That’s a great analogy. It sounds like you do like the numbers, you like crunching the numbers.
As an engineer, you have to be good with numbers. You apply the same principles here. You take up the calculator and you start crunching numbers, see how much you gain, your rate of return. There are a lot of terms that I didn’t know about and I’m still learning every day and whenever I can. I’ve taken your courses. You have your Cashflow Academy. A lot of people would benefit a lot from that for doing numbers, crunching numbers, how to do it properly, how to make sure that you take into account all your expenses correctly, take note if it’s the right place or not to buy.
I’ve asked the questions I want to ask and it’s all about me. This is about people getting to ask you questions so I’m going to throw it out there. If anyone has questions for Victor either about how he bought, where he bought, what he would suggest, anything you’d like to ask him about real estate, I’d like to open it up to the people who are with us. If Coleen or Mr. Hicks, if anybody would like to ask a question now would be the time.
How are you? This is Jamil, the mailman. Do you remember? Long time no talk to you. My question would be because I’m in a spot where I feel like I got a decent down payment. I feel like I got all my ducks in a row in my credit and so forth. One of the things you stated was the right time and one of the things that worries me the most is get jumping in and the unexpected. It’s something that I’m looking forward to doing. My wife and I talk about it all the time, we want to be homeowners. We want to own something. What would you say was the biggest hurdle that you had to overcome to go ahead and jump in and do it? Were its numbers? What was it that was the biggest factor that kept you from doing it at one point and that later on, you said, “Let me jump in.”Being tied down with a property is one of the people’s greatest fears that prevents them from investing. Click To Tweet
The main thing is you got to prequalify. That is good that you’re working on your credit. Make sure you get that credit as high as possible, that’s going to affect to get a good interest rate. The biggest hurdle that you have to overcome is the psychological factors of moving forward and making a big purchase. This is going to be the big purchase that you will probably make in your entire life, so you want to make sure that you get over the fear of that. Look at a lot of factors at the property. Look at the neighborhoods in the area, the schools, and safety. Is it going to be safe for you and your family? The hurdle is getting over the fear of going ahead and making that big purchase.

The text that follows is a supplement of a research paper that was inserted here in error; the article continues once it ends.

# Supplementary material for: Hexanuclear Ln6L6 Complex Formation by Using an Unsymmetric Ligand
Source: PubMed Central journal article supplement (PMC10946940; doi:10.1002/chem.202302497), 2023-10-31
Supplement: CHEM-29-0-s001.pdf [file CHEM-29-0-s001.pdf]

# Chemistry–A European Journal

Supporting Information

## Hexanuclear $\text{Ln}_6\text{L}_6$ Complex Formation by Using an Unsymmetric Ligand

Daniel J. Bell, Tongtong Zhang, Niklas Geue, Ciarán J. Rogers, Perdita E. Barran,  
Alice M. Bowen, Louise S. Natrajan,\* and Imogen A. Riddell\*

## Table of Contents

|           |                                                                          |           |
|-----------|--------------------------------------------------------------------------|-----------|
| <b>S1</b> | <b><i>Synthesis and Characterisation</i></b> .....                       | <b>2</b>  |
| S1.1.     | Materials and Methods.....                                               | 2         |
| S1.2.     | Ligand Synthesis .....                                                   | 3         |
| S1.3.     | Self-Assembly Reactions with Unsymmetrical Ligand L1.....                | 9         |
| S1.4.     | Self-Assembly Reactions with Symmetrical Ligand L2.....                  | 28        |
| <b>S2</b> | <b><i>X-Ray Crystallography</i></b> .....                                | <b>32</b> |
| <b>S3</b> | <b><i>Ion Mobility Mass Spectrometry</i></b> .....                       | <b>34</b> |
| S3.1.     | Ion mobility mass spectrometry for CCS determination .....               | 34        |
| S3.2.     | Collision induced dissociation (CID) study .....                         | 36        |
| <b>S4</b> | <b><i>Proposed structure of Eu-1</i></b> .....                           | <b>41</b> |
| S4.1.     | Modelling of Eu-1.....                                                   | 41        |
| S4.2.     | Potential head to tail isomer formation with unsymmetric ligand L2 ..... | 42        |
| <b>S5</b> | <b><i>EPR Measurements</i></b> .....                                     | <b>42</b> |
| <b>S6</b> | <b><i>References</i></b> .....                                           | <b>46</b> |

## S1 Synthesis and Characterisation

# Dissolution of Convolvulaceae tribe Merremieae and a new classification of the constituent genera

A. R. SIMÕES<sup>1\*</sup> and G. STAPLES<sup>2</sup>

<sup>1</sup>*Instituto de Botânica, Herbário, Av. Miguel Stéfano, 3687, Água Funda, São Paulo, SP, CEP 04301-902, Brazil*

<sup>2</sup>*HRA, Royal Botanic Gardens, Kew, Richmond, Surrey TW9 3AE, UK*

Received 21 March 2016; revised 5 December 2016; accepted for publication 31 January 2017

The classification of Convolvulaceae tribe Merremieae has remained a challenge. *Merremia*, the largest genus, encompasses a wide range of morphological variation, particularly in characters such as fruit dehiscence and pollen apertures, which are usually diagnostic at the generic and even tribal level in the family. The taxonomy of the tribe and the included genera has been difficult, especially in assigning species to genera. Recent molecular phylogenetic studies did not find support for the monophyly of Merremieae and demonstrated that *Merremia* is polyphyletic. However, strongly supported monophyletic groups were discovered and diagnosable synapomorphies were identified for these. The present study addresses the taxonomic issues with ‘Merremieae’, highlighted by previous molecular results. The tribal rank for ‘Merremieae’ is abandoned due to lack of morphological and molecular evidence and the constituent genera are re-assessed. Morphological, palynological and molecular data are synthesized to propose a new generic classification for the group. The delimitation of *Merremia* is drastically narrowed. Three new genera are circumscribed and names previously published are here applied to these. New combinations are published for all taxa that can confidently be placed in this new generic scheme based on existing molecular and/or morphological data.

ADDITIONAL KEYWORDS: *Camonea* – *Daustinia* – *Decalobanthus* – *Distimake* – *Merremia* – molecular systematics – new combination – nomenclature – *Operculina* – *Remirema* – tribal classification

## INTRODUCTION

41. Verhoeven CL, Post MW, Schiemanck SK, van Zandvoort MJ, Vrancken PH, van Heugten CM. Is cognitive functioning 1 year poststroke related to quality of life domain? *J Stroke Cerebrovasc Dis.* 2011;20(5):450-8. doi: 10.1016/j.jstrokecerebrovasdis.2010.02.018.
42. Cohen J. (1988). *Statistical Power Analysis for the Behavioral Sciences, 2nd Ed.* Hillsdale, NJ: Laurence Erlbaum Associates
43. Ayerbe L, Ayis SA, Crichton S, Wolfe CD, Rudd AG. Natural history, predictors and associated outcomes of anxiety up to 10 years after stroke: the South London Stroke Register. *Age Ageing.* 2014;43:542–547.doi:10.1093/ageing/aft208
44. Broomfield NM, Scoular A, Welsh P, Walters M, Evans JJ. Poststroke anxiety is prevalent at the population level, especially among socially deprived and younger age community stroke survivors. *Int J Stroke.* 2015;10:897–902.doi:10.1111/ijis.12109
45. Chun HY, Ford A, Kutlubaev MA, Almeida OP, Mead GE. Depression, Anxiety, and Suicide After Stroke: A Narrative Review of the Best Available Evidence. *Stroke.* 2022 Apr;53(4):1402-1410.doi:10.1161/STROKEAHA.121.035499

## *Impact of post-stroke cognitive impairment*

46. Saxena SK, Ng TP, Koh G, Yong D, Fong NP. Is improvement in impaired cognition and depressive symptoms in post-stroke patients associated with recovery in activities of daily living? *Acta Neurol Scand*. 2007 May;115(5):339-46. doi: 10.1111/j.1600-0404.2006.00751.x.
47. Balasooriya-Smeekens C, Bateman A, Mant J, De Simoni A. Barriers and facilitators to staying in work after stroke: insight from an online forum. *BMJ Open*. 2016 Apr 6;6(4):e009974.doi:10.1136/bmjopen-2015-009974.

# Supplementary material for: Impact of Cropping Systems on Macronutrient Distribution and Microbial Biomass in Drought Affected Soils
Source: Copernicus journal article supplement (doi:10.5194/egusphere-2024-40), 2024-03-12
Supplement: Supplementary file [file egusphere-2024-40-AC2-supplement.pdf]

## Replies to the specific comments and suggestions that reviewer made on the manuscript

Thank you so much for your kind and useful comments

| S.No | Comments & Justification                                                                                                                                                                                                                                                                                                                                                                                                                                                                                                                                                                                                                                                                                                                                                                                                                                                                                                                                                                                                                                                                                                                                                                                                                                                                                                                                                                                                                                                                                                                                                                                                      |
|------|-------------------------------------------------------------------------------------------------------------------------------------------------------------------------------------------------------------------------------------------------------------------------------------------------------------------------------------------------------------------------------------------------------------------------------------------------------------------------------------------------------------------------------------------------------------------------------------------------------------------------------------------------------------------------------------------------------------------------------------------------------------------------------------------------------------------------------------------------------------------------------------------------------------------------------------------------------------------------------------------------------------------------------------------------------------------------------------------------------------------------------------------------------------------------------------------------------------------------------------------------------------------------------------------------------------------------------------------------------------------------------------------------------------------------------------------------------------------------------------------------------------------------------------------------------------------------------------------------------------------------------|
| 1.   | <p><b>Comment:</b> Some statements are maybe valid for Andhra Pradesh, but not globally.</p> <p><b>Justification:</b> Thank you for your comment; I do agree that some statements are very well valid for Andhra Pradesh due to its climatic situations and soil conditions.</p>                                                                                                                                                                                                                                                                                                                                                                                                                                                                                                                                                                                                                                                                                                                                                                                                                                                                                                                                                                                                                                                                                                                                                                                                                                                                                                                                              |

Victor, do you have a tip for him to get over the fear?
I don’t think it’s so much a fear. I’m getting closer and closer to it. I got to come down to your office and we talk again because, since the last we talked, some things have changed. It’s about time for me to step into your office again.
To get over the fear, first of all, imagine yourself having done it already and looking back. That’s why I love talking to people like Victor and other investors who are starting because usually when you look back you go, “I’m glad I did that.” When I ask people, “What would you do-over? What would you do differently now that you know what you know?” They almost always say, “I would have started sooner. I would have bought more.” No one ever says, “I would have waited.” Even people who have been through downturns never say, “I would have waited.” The lost time of paying down the mortgage, even if you paid 6% or 7% on your mortgage, you still are paying something down.
The other thing is if you could imagine that if everything goes wrong, those tenants are paying your payment. How bad could that be? The fear usually is you don’t want your whole family to take because you made a bad decision. Our worst fear is we drag down our whole family and have nothing left or our hard-earned savings are wiped out because we made a bad decision. That’s what I would say. What do you think, Victor?
That’s true, Athena. Another thing that helps to cross over that hurdle is if it’s a fear or something like that, for me, at least that’s what it was because I was hesitant to move forward. Once you learn and you move in, your house value goes up and the tax benefits that you get. Let’s put it this way, the fear went away right away because there’s a lot of tax benefits from the mortgage interest, all the stuff that you write off. Looking back at your home value climbing more and more, it’s great.
You mentioned the West Athens area. I live in Gardena and that’s one of the biggest areas that I’ve been looking at because of the railroad system they got moving. You look at the whole park area around is gentrified. This exactly like you said. I foresee in the next few years, it’s going to go along the same route as Inglewood has gone. I’ve been looking in that same area. That’s the area that I’ve been interested in. It’s the heart of the city.
You’re close to all the areas there. You’re close to the freeway. You have the new Jefferson station right there in La Cienega. In Inglewood, you have the Rams stadium that’s coming up in the next few years. That’s going to bring up the properties up. They are already starting to raise the prices and values in that area. It’s a good plan to move in.